Scholars' Contributions to VIAF
This activity explores the potential benefits of collaborating with scholars to enrich the Virtual International Authority File (VIAF) with new names and additional script forms for names already represented. The experience and knowledge gained from working with diverse files may inform third parties’ development of authority tools used by scholars.
The Perseus Catalog and the Syriac Reference Portal mark the first collaboration in this area and the first sources for scholarly data added to VIAF. Scholars benefit by receiving VIAF URIs as persistent identifiers for the names they contribute that they can then use in their own databases, linked data applications, scholarly discourse, and name disambiguation in multinational collaborations. VIAF represents a resource for disseminating scholarly research on names beyond scholars’ own communities. Both scholarly societies and libraries benefit because VIAF is enriched by name authority data which would not otherwise be contributed by national libraries.
OCLC has launched this activity by adding the Greek names—with Greek and sometimes Arabic script forms—from the Perseus Catalog and the Syriac names—with Syriac and Arabic script forms, and other language forms—from the Syriac Reference Portal. Additional scholarly communities with databases are invited to contact OCLC to discuss the possibility of also contributing their names to VIAF.
All VIAF contributors to date have been national libraries and other library agencies. Scholars have a stronger affiliation with their discipline than with any one institution. Moreover, some minority languages do not have an agency such as a national library committed to supporting their documentation needs. This activity provides a path for domain experts to contribute their research in the form of authority data to enrich the information already in VIAF. Scholarly projects are often international in scope. Contributing to VIAF makes the data available globally. Since VIAF supports Unicode, scholars can contribute names in scripts that are not represented in the MARC 21 character set that is used in the LC/NACO Authority File.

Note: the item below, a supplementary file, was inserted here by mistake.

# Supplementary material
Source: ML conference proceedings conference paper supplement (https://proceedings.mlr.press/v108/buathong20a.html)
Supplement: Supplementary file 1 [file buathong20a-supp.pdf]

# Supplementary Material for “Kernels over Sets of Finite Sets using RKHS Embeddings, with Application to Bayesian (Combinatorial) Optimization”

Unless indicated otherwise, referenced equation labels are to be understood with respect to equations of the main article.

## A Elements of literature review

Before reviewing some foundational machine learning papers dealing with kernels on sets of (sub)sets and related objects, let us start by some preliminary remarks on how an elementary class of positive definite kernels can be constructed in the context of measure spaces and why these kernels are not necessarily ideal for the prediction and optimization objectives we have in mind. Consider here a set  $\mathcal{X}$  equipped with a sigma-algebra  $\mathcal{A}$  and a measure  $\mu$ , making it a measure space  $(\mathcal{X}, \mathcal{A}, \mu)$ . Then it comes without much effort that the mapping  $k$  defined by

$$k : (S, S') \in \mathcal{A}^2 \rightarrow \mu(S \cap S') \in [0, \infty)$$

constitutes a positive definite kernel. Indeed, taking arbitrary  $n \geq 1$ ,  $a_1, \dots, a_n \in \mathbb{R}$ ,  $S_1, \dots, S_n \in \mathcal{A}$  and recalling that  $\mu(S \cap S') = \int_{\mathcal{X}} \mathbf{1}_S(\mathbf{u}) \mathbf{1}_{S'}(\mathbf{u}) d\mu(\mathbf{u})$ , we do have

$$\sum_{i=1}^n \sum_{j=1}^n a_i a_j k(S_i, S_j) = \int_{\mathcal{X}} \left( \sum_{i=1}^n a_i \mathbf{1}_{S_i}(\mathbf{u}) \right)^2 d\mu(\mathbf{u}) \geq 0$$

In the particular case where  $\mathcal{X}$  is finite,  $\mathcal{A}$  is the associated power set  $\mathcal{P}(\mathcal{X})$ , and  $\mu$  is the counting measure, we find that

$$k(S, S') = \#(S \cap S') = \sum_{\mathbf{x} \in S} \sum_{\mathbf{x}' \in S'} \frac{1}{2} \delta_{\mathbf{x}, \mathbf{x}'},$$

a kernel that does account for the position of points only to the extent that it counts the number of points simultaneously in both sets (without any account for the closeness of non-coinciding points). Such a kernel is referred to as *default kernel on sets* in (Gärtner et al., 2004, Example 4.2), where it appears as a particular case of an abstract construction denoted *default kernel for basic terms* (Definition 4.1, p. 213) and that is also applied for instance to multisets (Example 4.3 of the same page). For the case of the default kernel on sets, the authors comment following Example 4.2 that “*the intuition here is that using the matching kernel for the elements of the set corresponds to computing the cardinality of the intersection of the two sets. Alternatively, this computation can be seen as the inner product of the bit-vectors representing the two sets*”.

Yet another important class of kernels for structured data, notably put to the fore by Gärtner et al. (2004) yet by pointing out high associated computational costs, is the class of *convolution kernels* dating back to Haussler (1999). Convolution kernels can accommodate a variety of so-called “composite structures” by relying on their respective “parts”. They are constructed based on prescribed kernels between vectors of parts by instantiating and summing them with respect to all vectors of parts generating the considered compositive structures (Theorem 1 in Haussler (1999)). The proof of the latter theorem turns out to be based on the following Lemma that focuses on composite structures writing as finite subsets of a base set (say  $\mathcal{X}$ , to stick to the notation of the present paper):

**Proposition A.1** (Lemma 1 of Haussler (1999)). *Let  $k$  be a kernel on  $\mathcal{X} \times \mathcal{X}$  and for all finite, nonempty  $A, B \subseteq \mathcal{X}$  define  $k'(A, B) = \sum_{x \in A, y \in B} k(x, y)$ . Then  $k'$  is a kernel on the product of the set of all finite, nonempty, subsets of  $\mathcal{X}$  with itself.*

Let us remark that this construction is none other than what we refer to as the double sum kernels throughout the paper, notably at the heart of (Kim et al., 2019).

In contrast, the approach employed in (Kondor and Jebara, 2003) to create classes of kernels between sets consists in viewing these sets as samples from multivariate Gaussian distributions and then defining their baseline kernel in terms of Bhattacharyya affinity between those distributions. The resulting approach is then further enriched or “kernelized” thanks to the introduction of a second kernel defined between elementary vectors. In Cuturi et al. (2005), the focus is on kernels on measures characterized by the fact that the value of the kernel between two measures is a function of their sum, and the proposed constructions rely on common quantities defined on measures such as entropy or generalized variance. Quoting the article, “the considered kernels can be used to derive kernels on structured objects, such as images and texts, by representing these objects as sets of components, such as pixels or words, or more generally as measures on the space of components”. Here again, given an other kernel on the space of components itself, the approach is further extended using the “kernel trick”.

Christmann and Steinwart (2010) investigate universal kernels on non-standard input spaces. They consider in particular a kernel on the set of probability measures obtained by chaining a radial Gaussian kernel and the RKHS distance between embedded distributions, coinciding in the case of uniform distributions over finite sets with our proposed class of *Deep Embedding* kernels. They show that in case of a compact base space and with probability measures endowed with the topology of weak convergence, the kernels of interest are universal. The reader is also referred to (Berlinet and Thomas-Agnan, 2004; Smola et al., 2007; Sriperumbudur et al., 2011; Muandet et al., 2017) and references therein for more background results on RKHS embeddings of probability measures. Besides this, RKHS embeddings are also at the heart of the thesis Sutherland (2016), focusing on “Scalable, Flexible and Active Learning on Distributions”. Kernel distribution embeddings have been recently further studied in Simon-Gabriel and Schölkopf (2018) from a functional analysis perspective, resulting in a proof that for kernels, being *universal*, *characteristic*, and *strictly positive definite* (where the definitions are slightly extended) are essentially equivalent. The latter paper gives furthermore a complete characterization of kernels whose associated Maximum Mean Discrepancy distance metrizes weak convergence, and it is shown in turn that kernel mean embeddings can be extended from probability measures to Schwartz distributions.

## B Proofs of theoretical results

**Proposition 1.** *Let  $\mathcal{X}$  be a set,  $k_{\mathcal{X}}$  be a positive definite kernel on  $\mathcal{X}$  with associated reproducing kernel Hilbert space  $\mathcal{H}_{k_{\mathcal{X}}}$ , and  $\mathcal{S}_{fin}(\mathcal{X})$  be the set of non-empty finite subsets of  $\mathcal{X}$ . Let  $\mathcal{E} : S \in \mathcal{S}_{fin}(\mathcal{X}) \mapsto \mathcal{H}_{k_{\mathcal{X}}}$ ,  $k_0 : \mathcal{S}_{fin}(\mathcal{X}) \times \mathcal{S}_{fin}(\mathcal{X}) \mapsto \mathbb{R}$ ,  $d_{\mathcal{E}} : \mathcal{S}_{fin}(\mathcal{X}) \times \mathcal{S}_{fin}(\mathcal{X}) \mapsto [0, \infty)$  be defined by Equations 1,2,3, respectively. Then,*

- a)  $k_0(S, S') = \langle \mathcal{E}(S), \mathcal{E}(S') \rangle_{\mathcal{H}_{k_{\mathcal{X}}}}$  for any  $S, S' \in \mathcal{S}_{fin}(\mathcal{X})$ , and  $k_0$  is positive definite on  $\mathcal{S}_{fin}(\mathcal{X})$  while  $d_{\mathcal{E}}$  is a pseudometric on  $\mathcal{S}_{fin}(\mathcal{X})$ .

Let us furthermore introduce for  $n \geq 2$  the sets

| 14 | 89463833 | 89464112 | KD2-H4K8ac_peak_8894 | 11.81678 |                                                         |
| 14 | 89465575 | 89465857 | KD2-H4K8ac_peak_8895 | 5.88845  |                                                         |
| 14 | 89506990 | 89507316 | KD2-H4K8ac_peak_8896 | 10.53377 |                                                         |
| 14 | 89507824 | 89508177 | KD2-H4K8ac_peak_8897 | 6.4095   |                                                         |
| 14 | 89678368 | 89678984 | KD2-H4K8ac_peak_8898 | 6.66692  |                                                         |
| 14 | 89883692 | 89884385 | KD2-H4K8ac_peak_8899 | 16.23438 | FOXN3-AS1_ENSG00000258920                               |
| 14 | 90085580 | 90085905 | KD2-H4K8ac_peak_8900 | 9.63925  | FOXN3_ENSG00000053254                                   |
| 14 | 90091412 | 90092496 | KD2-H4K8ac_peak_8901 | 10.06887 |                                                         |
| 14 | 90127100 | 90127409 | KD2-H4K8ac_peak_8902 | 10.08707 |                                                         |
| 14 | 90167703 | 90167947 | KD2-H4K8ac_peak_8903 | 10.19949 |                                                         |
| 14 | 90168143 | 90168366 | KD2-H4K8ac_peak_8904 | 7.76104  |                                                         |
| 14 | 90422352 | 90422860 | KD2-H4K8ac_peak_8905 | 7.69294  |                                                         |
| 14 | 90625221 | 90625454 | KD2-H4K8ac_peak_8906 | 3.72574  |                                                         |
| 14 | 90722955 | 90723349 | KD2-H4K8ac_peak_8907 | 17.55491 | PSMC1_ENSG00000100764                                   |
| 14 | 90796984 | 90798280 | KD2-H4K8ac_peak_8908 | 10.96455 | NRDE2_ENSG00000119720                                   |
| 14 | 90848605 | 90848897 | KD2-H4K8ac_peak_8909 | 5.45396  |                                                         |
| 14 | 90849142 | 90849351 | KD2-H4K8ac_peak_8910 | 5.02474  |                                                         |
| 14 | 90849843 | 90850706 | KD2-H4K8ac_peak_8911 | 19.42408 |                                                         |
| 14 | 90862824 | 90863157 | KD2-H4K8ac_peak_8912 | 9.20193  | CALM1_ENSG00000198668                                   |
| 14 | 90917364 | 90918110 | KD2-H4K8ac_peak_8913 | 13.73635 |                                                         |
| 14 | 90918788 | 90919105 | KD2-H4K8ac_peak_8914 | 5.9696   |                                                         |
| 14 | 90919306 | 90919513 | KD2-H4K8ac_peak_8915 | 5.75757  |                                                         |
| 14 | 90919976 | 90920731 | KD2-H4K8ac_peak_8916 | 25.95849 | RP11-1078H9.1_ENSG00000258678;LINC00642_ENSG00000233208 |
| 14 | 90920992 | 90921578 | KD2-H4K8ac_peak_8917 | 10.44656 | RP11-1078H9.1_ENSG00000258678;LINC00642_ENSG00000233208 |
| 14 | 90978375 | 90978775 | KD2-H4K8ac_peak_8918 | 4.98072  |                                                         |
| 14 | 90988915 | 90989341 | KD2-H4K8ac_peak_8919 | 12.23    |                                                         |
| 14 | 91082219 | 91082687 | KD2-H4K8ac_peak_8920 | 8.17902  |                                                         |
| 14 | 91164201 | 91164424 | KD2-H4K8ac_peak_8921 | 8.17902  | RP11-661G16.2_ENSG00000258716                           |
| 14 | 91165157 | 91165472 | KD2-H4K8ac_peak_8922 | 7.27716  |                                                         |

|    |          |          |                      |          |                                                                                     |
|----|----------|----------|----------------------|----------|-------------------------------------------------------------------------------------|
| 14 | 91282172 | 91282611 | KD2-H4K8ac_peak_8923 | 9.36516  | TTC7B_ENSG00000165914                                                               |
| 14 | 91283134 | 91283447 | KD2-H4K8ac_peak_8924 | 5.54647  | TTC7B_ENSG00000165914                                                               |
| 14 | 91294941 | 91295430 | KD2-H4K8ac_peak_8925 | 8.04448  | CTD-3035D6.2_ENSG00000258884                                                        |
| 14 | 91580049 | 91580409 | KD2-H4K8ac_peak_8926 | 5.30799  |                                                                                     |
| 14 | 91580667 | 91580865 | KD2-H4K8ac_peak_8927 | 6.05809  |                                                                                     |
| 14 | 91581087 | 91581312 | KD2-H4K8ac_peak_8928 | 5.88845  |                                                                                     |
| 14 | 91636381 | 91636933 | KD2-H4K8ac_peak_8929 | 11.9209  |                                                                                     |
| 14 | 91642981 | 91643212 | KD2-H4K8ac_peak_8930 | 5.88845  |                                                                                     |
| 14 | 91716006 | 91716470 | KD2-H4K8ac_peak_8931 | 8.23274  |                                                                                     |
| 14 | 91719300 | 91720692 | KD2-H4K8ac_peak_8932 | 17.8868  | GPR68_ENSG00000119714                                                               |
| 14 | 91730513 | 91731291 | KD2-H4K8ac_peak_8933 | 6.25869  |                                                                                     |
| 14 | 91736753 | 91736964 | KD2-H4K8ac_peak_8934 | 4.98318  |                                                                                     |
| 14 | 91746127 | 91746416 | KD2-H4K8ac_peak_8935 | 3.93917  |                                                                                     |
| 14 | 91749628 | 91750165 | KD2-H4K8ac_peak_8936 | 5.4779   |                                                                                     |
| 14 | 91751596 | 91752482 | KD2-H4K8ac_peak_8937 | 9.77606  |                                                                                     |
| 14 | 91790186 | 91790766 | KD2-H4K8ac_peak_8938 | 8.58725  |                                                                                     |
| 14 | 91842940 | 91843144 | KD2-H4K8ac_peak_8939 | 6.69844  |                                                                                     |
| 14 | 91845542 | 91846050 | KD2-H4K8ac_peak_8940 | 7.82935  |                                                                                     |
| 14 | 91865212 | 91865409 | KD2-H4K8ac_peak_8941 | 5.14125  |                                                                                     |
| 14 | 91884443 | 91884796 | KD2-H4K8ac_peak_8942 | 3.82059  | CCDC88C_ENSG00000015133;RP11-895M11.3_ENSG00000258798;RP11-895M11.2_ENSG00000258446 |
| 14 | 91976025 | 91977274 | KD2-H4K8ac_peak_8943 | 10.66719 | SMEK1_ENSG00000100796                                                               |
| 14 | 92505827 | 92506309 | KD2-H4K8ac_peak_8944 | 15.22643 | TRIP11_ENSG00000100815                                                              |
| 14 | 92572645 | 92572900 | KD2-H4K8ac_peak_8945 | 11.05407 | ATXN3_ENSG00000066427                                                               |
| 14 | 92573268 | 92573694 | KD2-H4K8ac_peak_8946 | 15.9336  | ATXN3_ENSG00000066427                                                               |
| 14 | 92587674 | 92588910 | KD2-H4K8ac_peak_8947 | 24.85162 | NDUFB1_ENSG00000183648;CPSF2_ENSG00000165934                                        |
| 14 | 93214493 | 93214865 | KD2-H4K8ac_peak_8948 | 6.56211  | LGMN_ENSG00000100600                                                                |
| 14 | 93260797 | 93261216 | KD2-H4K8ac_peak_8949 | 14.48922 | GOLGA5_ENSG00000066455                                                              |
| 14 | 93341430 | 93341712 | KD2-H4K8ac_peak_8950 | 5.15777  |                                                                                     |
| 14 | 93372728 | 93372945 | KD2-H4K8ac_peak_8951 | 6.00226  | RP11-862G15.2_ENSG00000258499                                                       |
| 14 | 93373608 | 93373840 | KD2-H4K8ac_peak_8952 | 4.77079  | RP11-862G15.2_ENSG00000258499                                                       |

Many scholarly projects in the digital humanities are already relying on VIAF for authority control and to anchor Linked Open Data. Fihrist, a union catalog of Islamic manuscripts hosted in the United Kingdom, has adopted VIAF URIs as the best method for authority control and to link to other data sets. Similarly, the Digital Classicist Wiki has recognized VIAF by including it as a resource for "Very Clean URIs."
Adding the names and Greek, Arabic Syriac and other script forms from the Perseus Catalog and the Syriac Reference Portal to VIAF will demonstrate the benefits of tapping scholarly expertise to enhance and add to name authorities represented in VIAF. The number of “alternate names” associated with VIAF clusters that include scholars’ contributions will increase, with scripts that are not yet represented. This activity will promote the use of VIAF persistent IDs in scholarly communities.
VIAF can provide part of the cyberinfrastructure for digital humanities, a standard way for linking and querying data, a need identified by The American Council of Learned Societies’ national Commission on Cyberinfrastructure.
Scholarly societies with databases are invited to contact OCLC to discuss the possibility of also contributing their names to VIAF.
The Perseus Catalog aims to provide access to at least one online edition of every major Greek and Latin author from antiquity to 600 CE.